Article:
2 adult males in ‘come hither’ mode, a couple of other males and a clutch of juveniles on a patch of dead mangrove they call ‘home’.
The colony, numbering about 20,000, lives in the mangroves and Pat manoeuvred the boat to within a few feet of the birds, who seemed unperturbed by our presence. I couldn’t see much in the way of a nest, but they seemed secure enough in the mangroves, which were recovering from the hurricane. Interestingly the smell of guano wasn’t nearly as powerful as it is around a gannet colony, for example. Probably because the stuff all falls into the water.
‘Look at me!’
Apparently they all flew away before the hurricane hit and the vast majority seem to have returned, even though the mangroves they call home have taken a bit of a mauling.
I’m not sure this really aids his aerodynamics…?
Three males off for a cruise round after a hard morning nursing chicks
On the way back to Codrington, we saw fishermen in amongst the mangroves, catching snapper with spears as well as a long net. They seemed to be doing better than our friends in Deshaies.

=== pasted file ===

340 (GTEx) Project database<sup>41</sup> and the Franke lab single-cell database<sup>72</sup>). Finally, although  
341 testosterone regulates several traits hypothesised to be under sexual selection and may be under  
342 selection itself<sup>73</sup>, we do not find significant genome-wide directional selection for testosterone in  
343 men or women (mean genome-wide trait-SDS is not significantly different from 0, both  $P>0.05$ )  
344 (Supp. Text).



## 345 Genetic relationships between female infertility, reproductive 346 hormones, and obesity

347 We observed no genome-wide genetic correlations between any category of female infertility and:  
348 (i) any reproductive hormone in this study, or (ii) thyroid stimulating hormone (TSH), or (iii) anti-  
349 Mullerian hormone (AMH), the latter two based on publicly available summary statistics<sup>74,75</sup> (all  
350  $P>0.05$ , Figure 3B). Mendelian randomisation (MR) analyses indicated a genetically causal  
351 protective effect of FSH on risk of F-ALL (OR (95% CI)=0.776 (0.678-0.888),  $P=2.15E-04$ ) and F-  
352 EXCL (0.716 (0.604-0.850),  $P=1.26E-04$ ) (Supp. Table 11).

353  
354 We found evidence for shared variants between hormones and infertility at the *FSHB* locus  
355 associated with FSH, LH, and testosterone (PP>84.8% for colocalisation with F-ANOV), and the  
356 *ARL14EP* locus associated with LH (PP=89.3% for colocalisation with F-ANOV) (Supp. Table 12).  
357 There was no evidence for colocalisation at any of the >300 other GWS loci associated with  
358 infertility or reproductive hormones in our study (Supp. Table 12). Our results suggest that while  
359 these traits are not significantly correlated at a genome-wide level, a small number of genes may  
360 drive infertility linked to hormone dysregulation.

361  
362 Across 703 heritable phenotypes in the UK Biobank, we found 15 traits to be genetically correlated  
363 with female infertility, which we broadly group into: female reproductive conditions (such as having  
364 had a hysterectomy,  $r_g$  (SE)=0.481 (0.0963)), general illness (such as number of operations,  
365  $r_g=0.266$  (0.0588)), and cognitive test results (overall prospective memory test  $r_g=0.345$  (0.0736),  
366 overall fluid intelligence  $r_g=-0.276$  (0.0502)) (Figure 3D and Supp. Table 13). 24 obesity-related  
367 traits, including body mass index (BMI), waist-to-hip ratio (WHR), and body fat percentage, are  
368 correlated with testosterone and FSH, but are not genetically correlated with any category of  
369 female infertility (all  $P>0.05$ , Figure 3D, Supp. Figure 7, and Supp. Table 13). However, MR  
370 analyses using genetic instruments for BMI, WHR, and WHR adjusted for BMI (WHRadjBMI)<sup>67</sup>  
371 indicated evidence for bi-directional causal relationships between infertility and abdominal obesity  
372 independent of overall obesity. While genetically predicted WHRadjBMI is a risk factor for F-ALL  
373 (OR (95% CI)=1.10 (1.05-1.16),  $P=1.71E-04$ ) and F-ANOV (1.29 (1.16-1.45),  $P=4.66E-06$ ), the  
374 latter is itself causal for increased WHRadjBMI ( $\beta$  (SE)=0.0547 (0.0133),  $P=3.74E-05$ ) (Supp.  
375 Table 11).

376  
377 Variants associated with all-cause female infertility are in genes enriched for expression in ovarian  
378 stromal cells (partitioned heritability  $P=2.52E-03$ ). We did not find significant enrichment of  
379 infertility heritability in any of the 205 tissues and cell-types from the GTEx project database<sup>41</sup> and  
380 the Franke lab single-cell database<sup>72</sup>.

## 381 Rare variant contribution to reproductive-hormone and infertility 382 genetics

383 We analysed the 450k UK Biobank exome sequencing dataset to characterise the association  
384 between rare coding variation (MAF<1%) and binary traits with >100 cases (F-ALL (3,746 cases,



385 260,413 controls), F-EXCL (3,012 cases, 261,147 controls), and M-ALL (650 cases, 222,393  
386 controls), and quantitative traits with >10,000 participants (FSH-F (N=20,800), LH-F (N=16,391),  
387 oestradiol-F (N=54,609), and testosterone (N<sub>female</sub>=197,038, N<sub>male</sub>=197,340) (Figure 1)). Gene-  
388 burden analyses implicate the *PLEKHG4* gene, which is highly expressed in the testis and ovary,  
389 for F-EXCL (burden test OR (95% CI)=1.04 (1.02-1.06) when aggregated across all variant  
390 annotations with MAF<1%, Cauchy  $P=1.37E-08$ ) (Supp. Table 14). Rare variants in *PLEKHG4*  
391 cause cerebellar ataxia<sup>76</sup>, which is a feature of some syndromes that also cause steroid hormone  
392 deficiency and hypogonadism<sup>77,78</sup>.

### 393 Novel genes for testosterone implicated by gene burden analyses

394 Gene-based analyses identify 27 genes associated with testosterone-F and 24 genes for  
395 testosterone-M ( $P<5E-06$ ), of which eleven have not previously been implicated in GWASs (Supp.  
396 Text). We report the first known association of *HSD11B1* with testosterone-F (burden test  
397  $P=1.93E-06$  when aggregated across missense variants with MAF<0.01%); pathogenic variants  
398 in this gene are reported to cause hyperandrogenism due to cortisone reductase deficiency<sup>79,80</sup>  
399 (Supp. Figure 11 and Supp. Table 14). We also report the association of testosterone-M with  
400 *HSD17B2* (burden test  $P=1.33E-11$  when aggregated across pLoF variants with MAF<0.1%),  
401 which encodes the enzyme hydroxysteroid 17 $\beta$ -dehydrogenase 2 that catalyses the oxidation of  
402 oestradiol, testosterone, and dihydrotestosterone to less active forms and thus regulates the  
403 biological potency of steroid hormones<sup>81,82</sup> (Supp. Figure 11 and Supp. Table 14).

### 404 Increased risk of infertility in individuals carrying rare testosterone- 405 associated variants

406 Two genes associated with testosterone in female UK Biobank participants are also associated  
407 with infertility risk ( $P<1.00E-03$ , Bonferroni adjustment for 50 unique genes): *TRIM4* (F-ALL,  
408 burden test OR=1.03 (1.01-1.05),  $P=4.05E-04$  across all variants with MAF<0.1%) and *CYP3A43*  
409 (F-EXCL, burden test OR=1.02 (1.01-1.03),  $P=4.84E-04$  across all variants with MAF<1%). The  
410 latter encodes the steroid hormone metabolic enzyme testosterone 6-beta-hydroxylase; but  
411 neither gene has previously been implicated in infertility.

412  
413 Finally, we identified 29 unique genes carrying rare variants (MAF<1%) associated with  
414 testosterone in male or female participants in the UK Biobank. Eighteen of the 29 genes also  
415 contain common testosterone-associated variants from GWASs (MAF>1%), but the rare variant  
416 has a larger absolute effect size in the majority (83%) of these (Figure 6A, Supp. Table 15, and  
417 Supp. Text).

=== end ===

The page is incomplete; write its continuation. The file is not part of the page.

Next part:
Fishermen in the mangroves, Barbuda
Yesterday we left Barbuda and made passage to North Sound, Antigua. We could have stayed a bit longer and visited Cocoa Beach, where there’s a resort that was favoured by the late Princess of Wales, but we decided to make best use of our remaining time here to explore the north coast of Antigua. It was a rough, windy 30 mile passage, made under a small genoa only, with our speed never dropping below 7 knots. The north of the island is protected by a rash of coral reefs and outcrops, so we threaded our way carefully into Boon Channel and then motored directly upwind towards our destination, rather than short tacking in unfamiliar waters, with coral heads reported to be lurking all about as winds gusted over 30 knots…
The pilot book, written by Chris Doyle, describes the anchorage in Jumbly Bay, Long Island as ‘exquisite’. It is certainly well sheltered, but the shoreline is completely occupied by a smart resort and some very well-manicured homes belonging to well-heeled Antiguans. Mere mortals cannot move beyond the high water mark and it reminded me of the snootier parts of the Chesapeake , Solomons for example, where it’s all very nice to look at but you hardly feel welcome by the locals.
Still, we didn’t really mind. The weather wasn’t great, certainly not good enough to push further on into the reefs of North Sound and Hells’ Gate, but we were in a secure, sheltered anchorage for the night. Chris Doyle: please replace ‘exquisite’ with ‘useful’.
‘I’m sorry, Mate – you’re too fat like that.’ An egret appears unimpressed. Note the comical little chap bottom right.